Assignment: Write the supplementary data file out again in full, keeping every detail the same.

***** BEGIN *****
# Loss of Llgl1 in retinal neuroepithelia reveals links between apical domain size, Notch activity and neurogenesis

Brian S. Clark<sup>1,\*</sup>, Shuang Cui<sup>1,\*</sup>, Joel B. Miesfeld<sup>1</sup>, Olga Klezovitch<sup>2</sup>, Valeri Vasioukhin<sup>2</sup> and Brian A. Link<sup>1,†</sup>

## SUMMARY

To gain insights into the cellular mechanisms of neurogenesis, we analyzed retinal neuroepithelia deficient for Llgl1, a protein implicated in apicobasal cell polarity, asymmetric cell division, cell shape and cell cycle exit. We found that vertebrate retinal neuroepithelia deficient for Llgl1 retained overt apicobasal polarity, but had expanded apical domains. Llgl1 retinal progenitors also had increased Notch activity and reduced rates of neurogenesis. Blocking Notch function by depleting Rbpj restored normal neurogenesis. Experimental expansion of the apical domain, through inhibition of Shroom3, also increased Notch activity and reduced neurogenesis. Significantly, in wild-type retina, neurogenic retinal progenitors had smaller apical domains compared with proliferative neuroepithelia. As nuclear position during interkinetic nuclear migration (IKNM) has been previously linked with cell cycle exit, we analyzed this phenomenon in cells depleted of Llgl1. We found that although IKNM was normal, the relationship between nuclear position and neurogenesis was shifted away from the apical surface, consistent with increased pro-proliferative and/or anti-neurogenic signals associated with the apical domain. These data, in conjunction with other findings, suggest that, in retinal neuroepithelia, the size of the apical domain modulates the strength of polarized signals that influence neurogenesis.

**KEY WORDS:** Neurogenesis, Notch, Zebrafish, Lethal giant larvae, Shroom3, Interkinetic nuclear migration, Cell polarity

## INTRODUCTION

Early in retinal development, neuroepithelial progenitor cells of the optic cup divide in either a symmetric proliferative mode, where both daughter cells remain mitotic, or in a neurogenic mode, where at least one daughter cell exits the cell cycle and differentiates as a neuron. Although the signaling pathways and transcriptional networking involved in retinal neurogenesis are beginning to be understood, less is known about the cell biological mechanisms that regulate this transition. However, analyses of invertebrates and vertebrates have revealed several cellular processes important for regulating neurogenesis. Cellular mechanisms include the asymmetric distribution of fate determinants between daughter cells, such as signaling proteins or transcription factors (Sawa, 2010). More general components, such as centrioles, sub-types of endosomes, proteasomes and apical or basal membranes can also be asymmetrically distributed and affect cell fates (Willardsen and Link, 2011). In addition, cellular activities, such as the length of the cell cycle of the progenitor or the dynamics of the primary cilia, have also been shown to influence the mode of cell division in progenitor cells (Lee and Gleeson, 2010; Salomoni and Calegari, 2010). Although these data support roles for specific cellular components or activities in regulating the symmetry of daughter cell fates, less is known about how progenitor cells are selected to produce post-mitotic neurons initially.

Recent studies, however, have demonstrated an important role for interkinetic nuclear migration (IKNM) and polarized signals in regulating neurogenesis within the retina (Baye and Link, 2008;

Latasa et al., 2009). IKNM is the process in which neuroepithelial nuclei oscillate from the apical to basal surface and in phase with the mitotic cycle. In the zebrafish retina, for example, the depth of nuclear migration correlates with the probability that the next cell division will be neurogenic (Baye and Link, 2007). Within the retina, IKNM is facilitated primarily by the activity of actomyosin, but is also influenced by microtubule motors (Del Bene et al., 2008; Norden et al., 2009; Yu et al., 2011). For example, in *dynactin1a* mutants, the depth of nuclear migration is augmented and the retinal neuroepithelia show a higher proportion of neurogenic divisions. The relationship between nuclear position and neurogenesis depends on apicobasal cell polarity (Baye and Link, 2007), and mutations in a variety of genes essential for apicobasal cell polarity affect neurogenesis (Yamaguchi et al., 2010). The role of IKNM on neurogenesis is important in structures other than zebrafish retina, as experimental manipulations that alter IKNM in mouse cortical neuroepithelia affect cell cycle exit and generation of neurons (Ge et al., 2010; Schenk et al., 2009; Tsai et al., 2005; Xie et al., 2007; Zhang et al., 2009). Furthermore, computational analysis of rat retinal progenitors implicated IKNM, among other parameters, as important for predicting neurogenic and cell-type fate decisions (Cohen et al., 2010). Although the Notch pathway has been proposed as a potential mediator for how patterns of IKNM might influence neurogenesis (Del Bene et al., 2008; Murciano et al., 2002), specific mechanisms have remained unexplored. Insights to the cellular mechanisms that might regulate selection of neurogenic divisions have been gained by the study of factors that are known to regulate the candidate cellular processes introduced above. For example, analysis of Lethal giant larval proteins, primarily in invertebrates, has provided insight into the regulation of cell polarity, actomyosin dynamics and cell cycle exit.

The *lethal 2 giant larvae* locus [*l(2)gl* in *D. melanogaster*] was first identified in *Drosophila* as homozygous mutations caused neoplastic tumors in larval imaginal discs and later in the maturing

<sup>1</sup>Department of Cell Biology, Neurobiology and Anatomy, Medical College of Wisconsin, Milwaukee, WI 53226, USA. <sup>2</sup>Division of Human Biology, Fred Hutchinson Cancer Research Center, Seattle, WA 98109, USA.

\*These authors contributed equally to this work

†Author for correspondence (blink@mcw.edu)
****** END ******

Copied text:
# Loss of Llgl1 in retinal neuroepithelia reveals links between apical domain size, Notch activity and neurogenesis

Brian S. Clark<sup>1,\*</sup>, Shuang Cui<sup>1,\*</sup>, Joel B. Miesfeld<sup>1</sup>, Olga Klezovitch<sup>2</sup>, Valeri Vasioukhin<sup>2</sup> and Brian A. Link<sup>1,†</sup>

## SUMMARY

To gain insights into the cellular mechanisms of neurogenesis, we analyzed retinal neuroepithelia deficient for Llgl1, a protein implicated in apicobasal cell polarity, asymmetric cell division, cell shape and cell cycle exit. We found that vertebrate retinal neuroepithelia deficient for Llgl1 retained overt apicobasal polarity, but had expanded apical domains. Llgl1 retinal progenitors also had increased Notch activity and reduced rates of neurogenesis. Blocking Notch function by depleting Rbpj restored normal neurogenesis. Experimental expansion of the apical domain, through inhibition of Shroom3, also increased Notch activity and reduced neurogenesis. Significantly, in wild-type retina, neurogenic retinal progenitors had smaller apical domains compared with proliferative neuroepithelia. As nuclear position during interkinetic nuclear migration (IKNM) has been previously linked with cell cycle exit, we analyzed this phenomenon in cells depleted of Llgl1. We found that although IKNM was normal, the relationship between nuclear position and neurogenesis was shifted away from the apical surface, consistent with increased pro-proliferative and/or anti-neurogenic signals associated with the apical domain. These data, in conjunction with other findings, suggest that, in retinal neuroepithelia, the size of the apical domain modulates the strength of polarized signals that influence neurogenesis.

**KEY WORDS:** Neurogenesis, Notch, Zebrafish, Lethal giant larvae, Shroom3, Interkinetic nuclear migration, Cell polarity

## INTRODUCTION

Early in retinal development, neuroepithelial progenitor cells of the optic cup divide in either a symmetric proliferative mode, where both daughter cells remain mitotic, or in a neurogenic mode, where at least one daughter cell exits the cell cycle and differentiates as a neuron. Although the signaling pathways and transcriptional networking involved in retinal neurogenesis are beginning to be understood, less is known about the cell biological mechanisms that regulate this transition. However, analyses of invertebrates and vertebrates have revealed several cellular processes important for regulating neurogenesis. Cellular mechanisms include the asymmetric distribution of fate determinants between daughter cells, such as signaling proteins or transcription factors (Sawa, 2010). More general components, such as centrioles, sub-types of endosomes, proteasomes and apical or basal membranes can also be asymmetrically distributed and affect cell fates (Willardsen and Link, 2011). In addition, cellular activities, such as the length of the cell cycle of the progenitor or the dynamics of the primary cilia, have also been shown to influence the mode of cell division in progenitor cells (Lee and Gleeson, 2010; Salomoni and Calegari, 2010). Although these data support roles for specific cellular components or activities in regulating the symmetry of daughter cell fates, less is known about how progenitor cells are selected to produce post-mitotic neurons initially.

Recent studies, however, have demonstrated an important role for interkinetic nuclear migration (IKNM) and polarized signals in regulating neurogenesis within the retina (Baye and Link, 2008;

Latasa et al., 2009). IKNM is the process in which neuroepithelial nuclei oscillate from the apical to basal surface and in phase with the mitotic cycle. In the zebrafish retina, for example, the depth of nuclear migration correlates with the probability that the next cell division will be neurogenic (Baye and Link, 2007). Within the retina, IKNM is facilitated primarily by the activity of actomyosin, but is also influenced by microtubule motors (Del Bene et al., 2008; Norden et al., 2009; Yu et al., 2011). For example, in *dynactin1a* mutants, the depth of nuclear migration is augmented and the retinal neuroepithelia show a higher proportion of neurogenic divisions. The relationship between nuclear position and neurogenesis depends on apicobasal cell polarity (Baye and Link, 2007), and mutations in a variety of genes essential for apicobasal cell polarity affect neurogenesis (Yamaguchi et al., 2010). The role of IKNM on neurogenesis is important in structures other than zebrafish retina, as experimental manipulations that alter IKNM in mouse cortical neuroepithelia affect cell cycle exit and generation of neurons (Ge et al., 2010; Schenk et al., 2009; Tsai et al., 2005; Xie et al., 2007; Zhang et al., 2009). Furthermore, computational analysis of rat retinal progenitors implicated IKNM, among other parameters, as important for predicting neurogenic and cell-type fate decisions (Cohen et al., 2010). Although the Notch pathway has been proposed as a potential mediator for how patterns of IKNM might influence neurogenesis (Del Bene et al., 2008; Murciano et al., 2002), specific mechanisms have remained unexplored. Insights to the cellular mechanisms that might regulate selection of neurogenic divisions have been gained by the study of factors that are known to regulate the candidate cellular processes introduced above. For example, analysis of Lethal giant larval proteins, primarily in invertebrates, has provided insight into the regulation of cell polarity, actomyosin dynamics and cell cycle exit.

The *lethal 2 giant larvae* locus [*l(2)gl* in *D. melanogaster*] was first identified in *Drosophila* as homozygous mutations caused neoplastic tumors in larval imaginal discs and later in the maturing

<sup>1</sup>Department of Cell Biology, Neurobiology and Anatomy, Medical College of Wisconsin, Milwaukee, WI 53226, USA. <sup>2</sup>Division of Human Biology, Fred Hutchinson Cancer Research Center, Seattle, WA 98109, USA.

\*These authors contributed equally to this work

†Author for correspondence (blink@mcw.edu)